Kenny Jupurrula Walker’s Snake Dreaming 1986 depicts ancestral Jukurrpa (dreaming) paths doubling as the body of a powerful snake man (warna). This snake spirit is emerging from a place near the Granites, which is the sacred country of Henry Jackamarra Cook (the elder first shown in our Kurdiji 1.0 campaign video). Travelling over the landscape, the snake sheds its babies and leaves its spiritual essence at many sites of the Tanami desert. Its dreaming paths are shown blue in the painting and the short bars are the clapsticks used in ceremonies dedicated to the snake’s journey. Where the snake passes it sings its power into the country and its Indigenous custodians. It shapes the landscape into mountains and creates waterholes and soaks.
“We call that snake Warnayarra
That snake travels like stars travel in the sky
It came down at Kandimalal (Wolfe Creek)
I been there, I still look for that crater
I gottem Ngurriny – that one, Walmajarri/Djaru wild man.”
In March 1986, after a decision to use art to transmit cultural knowledge, Lajamanu’s artists transitioned from painting on fruit boxes, car parts, floor tiles and wood scraps, to using huge sheets of composition board. These works, in bold house paint, became known as the ‘Lajamanu Panels’.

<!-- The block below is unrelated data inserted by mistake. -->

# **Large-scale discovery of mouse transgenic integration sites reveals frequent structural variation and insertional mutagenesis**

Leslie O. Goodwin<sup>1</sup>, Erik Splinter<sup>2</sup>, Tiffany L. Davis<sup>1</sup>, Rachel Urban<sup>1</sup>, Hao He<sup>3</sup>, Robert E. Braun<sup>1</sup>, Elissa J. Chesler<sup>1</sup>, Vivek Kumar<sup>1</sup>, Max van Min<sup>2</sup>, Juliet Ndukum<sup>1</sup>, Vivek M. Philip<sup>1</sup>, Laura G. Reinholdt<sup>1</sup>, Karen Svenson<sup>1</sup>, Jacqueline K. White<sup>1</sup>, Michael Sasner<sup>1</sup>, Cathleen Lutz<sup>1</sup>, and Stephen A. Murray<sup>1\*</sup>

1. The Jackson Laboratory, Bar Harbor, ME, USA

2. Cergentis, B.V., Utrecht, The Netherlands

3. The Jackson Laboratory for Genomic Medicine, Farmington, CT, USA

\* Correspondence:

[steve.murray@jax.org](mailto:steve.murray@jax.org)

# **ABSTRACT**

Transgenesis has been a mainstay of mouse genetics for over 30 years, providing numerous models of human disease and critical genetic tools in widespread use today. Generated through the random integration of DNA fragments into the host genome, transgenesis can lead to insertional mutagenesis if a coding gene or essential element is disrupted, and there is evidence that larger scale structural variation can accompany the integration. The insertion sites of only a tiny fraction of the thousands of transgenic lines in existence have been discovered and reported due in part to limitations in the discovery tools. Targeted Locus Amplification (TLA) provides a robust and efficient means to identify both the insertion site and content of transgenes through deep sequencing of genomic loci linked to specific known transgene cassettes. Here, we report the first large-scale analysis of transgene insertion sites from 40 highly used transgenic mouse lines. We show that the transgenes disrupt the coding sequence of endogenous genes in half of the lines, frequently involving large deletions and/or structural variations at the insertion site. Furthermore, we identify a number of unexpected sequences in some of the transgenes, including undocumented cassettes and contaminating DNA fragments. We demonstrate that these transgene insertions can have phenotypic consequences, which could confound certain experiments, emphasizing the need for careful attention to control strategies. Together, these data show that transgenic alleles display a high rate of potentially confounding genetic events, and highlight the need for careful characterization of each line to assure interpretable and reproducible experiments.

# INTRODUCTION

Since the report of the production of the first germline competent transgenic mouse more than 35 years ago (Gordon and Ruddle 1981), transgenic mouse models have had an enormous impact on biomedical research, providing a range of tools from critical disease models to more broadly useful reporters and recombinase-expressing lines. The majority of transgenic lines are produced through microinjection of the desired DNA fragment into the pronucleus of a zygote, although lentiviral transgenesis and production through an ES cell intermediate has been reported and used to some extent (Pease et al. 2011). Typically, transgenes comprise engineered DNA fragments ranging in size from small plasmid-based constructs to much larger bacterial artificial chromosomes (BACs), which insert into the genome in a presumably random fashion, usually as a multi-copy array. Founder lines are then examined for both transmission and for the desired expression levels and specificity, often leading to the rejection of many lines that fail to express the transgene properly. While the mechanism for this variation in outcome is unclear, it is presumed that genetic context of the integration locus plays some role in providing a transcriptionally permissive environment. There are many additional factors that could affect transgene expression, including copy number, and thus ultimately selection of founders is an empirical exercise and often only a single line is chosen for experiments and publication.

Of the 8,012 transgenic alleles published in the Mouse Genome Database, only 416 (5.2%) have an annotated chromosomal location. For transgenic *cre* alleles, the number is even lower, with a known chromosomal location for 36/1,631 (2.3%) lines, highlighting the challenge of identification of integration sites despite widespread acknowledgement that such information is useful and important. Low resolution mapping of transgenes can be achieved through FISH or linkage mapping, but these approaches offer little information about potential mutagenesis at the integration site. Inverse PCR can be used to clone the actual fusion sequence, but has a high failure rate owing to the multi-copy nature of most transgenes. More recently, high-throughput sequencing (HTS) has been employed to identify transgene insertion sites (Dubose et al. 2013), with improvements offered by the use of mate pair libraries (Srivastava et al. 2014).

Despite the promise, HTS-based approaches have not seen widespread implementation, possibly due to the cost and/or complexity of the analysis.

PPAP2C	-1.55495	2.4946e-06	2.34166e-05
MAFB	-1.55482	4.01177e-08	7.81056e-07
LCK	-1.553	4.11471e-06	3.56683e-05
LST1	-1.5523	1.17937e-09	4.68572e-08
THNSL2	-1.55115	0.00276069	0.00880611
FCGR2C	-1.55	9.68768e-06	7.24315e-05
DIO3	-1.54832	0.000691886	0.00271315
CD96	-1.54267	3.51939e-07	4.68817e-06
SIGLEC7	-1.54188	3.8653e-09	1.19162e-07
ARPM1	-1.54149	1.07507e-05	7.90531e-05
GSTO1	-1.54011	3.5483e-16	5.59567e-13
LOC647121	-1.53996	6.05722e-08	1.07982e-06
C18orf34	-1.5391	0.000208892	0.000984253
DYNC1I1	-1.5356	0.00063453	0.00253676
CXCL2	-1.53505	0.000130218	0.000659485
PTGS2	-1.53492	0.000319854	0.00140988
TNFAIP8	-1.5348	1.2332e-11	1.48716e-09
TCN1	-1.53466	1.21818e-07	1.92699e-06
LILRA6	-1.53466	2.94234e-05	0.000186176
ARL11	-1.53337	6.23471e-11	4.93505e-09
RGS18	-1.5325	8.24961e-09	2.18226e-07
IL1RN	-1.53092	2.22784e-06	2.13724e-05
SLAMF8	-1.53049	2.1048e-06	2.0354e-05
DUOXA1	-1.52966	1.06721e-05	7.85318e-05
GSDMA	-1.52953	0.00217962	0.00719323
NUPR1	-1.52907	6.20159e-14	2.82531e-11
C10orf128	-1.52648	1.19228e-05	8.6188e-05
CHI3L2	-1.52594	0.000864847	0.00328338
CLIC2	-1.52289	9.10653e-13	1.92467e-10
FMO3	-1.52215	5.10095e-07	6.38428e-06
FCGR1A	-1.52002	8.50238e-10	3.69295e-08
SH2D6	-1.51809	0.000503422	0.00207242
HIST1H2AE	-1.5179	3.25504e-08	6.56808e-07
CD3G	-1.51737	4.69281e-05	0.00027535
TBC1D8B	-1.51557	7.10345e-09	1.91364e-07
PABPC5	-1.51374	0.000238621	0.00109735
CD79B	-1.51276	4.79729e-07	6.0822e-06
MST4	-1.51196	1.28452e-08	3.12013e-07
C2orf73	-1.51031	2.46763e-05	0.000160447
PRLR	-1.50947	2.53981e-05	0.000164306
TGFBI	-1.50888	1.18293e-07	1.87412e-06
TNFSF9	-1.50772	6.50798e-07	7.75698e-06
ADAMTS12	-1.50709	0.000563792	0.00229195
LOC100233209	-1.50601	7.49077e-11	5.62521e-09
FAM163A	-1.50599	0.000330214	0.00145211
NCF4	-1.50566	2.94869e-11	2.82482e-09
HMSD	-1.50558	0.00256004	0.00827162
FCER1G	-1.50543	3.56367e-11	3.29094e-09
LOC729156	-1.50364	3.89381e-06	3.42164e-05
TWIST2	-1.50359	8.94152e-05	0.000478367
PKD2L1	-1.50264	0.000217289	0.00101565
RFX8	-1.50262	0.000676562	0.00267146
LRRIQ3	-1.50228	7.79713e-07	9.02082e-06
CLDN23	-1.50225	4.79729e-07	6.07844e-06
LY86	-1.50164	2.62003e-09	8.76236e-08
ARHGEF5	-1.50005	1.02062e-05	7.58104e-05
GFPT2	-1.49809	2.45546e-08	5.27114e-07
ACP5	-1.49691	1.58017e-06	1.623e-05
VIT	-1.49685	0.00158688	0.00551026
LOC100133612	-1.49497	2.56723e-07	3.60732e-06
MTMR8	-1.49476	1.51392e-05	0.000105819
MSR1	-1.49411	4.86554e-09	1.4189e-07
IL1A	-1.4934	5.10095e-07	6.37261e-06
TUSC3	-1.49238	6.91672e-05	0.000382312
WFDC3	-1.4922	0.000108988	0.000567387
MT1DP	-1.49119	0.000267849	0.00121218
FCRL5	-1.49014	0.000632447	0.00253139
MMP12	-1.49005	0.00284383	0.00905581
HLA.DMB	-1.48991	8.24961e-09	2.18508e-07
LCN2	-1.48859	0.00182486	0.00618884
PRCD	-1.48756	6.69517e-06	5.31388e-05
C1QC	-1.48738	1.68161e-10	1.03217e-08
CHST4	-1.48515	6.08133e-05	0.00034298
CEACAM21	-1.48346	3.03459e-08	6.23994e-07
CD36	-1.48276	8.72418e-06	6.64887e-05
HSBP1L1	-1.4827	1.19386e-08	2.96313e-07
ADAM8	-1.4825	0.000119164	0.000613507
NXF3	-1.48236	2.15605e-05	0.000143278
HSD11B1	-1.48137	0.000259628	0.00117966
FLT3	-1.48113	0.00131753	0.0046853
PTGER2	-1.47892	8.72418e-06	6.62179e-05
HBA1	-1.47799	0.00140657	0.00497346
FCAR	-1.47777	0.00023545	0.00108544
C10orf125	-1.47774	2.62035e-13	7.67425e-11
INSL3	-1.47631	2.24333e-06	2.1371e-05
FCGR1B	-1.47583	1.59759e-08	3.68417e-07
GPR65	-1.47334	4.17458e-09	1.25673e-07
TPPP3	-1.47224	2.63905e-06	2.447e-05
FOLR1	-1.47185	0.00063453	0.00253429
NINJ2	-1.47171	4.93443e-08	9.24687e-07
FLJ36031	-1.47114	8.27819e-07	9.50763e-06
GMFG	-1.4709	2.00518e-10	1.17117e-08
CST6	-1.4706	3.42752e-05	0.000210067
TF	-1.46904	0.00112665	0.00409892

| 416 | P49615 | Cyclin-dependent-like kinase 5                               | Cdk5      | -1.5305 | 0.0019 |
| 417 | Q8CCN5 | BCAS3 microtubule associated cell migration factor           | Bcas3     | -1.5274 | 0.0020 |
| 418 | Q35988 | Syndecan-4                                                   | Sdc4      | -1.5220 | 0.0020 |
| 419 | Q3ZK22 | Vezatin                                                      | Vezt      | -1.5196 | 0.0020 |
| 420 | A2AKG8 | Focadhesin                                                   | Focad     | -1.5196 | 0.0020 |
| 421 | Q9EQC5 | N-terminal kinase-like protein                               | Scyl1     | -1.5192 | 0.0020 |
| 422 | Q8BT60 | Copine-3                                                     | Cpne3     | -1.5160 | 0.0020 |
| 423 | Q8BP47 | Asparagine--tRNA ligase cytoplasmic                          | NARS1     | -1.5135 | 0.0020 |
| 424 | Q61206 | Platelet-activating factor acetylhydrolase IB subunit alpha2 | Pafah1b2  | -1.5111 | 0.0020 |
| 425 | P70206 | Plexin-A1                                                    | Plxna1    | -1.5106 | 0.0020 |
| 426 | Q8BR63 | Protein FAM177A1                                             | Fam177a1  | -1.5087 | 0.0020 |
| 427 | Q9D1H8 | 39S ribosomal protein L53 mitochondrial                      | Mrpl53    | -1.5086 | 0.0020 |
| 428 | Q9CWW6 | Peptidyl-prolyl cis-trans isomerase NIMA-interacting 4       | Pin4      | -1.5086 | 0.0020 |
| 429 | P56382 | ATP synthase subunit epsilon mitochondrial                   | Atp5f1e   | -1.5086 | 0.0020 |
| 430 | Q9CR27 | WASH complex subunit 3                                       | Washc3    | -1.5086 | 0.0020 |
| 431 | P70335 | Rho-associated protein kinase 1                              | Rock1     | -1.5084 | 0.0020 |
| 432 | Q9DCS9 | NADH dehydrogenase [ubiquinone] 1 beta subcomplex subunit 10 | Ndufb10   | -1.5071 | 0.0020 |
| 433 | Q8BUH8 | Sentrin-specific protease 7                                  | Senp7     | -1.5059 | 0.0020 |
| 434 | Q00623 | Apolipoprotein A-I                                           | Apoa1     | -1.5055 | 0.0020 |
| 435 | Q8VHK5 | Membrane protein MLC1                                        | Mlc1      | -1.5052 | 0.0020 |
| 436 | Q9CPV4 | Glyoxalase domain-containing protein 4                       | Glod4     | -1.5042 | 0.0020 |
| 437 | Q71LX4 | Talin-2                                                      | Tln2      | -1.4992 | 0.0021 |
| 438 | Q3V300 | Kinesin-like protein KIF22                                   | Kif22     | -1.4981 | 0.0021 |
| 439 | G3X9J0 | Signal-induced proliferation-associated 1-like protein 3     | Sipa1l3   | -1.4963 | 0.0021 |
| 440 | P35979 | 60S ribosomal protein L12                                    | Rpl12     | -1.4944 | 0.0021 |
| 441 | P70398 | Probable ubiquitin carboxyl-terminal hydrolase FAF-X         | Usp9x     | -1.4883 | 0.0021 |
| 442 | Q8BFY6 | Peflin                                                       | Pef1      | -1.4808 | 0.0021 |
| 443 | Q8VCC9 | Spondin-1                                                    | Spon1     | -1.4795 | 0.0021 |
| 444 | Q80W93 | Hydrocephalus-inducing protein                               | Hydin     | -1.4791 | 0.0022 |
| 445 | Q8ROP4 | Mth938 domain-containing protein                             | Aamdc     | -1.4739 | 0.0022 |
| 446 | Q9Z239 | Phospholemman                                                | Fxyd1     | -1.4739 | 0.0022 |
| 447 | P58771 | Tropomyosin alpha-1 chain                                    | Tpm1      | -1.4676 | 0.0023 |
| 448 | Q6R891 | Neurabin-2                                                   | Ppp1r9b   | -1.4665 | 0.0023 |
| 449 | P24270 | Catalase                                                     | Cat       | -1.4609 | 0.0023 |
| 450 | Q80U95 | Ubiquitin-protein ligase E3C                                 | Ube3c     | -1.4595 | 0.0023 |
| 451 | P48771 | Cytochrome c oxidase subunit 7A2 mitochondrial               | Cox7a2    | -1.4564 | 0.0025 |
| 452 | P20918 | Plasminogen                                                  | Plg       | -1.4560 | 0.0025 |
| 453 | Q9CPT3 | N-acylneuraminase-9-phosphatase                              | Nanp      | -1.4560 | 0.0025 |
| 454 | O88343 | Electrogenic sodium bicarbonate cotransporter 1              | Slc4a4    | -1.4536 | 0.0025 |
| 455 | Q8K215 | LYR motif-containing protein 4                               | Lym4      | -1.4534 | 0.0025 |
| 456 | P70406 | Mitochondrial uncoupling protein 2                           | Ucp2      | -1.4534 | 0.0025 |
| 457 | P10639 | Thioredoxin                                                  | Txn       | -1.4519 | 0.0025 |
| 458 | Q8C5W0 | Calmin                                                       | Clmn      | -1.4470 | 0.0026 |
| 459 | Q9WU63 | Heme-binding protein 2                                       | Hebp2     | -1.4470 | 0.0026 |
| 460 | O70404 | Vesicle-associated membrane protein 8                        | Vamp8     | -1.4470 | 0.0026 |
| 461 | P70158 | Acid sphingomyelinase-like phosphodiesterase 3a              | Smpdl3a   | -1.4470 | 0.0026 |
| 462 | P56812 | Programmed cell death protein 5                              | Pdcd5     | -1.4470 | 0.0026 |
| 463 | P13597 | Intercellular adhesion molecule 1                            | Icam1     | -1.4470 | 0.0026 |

The use of images to transmit cultural stories is a long held tradition across Aboriginal Australia, and particularly in Warlpiri communities. Their Kurdiji 1.0 Aboriginal suicide prevention app follows the same methods. It will use photographs, drawings, video, audio and 3D motion capture to present cultural ideas around resilience. By reconnecting young Aboriginal people with culture, community and country, Warlpiri elders hope to prevent suicides. You can support them by donating to the crowdfunding campaign at http://www.kurdijiproject.com and sharing their message.